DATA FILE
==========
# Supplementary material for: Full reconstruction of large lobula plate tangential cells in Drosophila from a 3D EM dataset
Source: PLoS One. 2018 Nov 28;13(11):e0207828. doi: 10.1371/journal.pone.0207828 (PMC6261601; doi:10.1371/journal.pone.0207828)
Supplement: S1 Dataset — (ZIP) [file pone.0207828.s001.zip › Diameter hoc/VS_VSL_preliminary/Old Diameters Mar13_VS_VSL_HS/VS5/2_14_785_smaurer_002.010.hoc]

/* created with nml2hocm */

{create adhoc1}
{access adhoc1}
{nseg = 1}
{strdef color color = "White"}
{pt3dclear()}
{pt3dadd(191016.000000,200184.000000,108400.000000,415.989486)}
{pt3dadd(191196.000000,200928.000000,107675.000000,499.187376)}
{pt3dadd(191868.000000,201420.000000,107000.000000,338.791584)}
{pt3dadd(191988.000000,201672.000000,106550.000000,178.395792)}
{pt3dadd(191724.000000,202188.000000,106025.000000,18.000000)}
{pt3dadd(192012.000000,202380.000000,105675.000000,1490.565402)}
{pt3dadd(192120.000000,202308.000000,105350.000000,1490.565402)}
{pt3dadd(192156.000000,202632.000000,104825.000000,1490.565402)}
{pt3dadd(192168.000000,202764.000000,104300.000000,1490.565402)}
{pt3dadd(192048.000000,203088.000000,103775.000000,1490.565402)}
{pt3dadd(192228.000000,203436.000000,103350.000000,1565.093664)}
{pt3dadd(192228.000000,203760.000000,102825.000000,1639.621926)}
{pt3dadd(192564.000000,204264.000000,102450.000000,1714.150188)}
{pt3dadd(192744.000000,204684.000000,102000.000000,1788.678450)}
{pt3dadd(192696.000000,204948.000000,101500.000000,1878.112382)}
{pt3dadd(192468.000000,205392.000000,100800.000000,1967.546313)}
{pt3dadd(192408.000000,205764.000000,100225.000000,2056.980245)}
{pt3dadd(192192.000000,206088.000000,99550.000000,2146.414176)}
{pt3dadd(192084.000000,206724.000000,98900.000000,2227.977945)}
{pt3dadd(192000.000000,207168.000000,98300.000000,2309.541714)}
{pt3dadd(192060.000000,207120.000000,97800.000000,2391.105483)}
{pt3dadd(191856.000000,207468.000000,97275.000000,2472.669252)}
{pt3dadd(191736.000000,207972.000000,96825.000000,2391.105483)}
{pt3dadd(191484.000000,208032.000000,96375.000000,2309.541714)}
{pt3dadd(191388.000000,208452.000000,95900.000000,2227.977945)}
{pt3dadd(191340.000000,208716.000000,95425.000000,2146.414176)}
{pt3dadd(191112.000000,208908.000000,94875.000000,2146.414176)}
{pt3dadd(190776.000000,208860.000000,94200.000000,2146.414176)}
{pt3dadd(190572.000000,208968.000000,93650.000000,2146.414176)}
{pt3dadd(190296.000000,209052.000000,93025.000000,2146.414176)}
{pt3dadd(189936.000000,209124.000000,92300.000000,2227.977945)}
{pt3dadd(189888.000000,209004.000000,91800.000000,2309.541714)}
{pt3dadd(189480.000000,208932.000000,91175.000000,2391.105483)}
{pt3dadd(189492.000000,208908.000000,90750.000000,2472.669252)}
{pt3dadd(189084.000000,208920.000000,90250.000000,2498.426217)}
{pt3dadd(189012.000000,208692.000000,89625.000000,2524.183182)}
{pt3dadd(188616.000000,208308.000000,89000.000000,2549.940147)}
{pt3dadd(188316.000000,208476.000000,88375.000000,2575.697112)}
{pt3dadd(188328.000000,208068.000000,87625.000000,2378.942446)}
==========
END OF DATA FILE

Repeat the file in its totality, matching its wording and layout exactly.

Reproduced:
# Supplementary material for: Full reconstruction of large lobula plate tangential cells in Drosophila from a 3D EM dataset
Source: PLoS One. 2018 Nov 28;13(11):e0207828. doi: 10.1371/journal.pone.0207828 (PMC6261601; doi:10.1371/journal.pone.0207828)
Supplement: S1 Dataset — (ZIP) [file pone.0207828.s001.zip › Diameter hoc/VS_VSL_preliminary/Old Diameters Mar13_VS_VSL_HS/VS5/2_14_785_smaurer_002.010.hoc]

/* created with nml2hocm */

{create adhoc1}
{access adhoc1}
{nseg = 1}
{strdef color color = "White"}
{pt3dclear()}
{pt3dadd(191016.000000,200184.000000,108400.000000,415.989486)}
{pt3dadd(191196.000000,200928.000000,107675.000000,499.187376)}
{pt3dadd(191868.000000,201420.000000,107000.000000,338.791584)}
{pt3dadd(191988.000000,201672.000000,106550.000000,178.395792)}
{pt3dadd(191724.000000,202188.000000,106025.000000,18.000000)}
{pt3dadd(192012.000000,202380.000000,105675.000000,1490.565402)}
{pt3dadd(192120.000000,202308.000000,105350.000000,1490.565402)}
{pt3dadd(192156.000000,202632.000000,104825.000000,1490.565402)}
{pt3dadd(192168.000000,202764.000000,104300.000000,1490.565402)}
{pt3dadd(192048.000000,203088.000000,103775.000000,1490.565402)}
{pt3dadd(192228.000000,203436.000000,103350.000000,1565.093664)}
{pt3dadd(192228.000000,203760.000000,102825.000000,1639.621926)}
{pt3dadd(192564.000000,204264.000000,102450.000000,1714.150188)}
{pt3dadd(192744.000000,204684.000000,102000.000000,1788.678450)}
{pt3dadd(192696.000000,204948.000000,101500.000000,1878.112382)}
{pt3dadd(192468.000000,205392.000000,100800.000000,1967.546313)}
{pt3dadd(192408.000000,205764.000000,100225.000000,2056.980245)}
{pt3dadd(192192.000000,206088.000000,99550.000000,2146.414176)}
{pt3dadd(192084.000000,206724.000000,98900.000000,2227.977945)}
{pt3dadd(192000.000000,207168.000000,98300.000000,2309.541714)}
{pt3dadd(192060.000000,207120.000000,97800.000000,2391.105483)}
{pt3dadd(191856.000000,207468.000000,97275.000000,2472.669252)}
{pt3dadd(191736.000000,207972.000000,96825.000000,2391.105483)}
{pt3dadd(191484.000000,208032.000000,96375.000000,2309.541714)}
{pt3dadd(191388.000000,208452.000000,95900.000000,2227.977945)}
{pt3dadd(191340.000000,208716.000000,95425.000000,2146.414176)}
{pt3dadd(191112.000000,208908.000000,94875.000000,2146.414176)}
{pt3dadd(190776.000000,208860.000000,94200.000000,2146.414176)}
{pt3dadd(190572.000000,208968.000000,93650.000000,2146.414176)}
{pt3dadd(190296.000000,209052.000000,93025.000000,2146.414176)}
{pt3dadd(189936.000000,209124.000000,92300.000000,2227.977945)}
{pt3dadd(189888.000000,209004.000000,91800.000000,2309.541714)}
{pt3dadd(189480.000000,208932.000000,91175.000000,2391.105483)}
{pt3dadd(189492.000000,208908.000000,90750.000000,2472.669252)}
{pt3dadd(189084.000000,208920.000000,90250.000000,2498.426217)}
{pt3dadd(189012.000000,208692.000000,89625.000000,2524.183182)}
{pt3dadd(188616.000000,208308.000000,89000.000000,2549.940147)}
{pt3dadd(188316.000000,208476.000000,88375.000000,2575.697112)}
{pt3dadd(188328.000000,208068.000000,87625.000000,2378.942446)}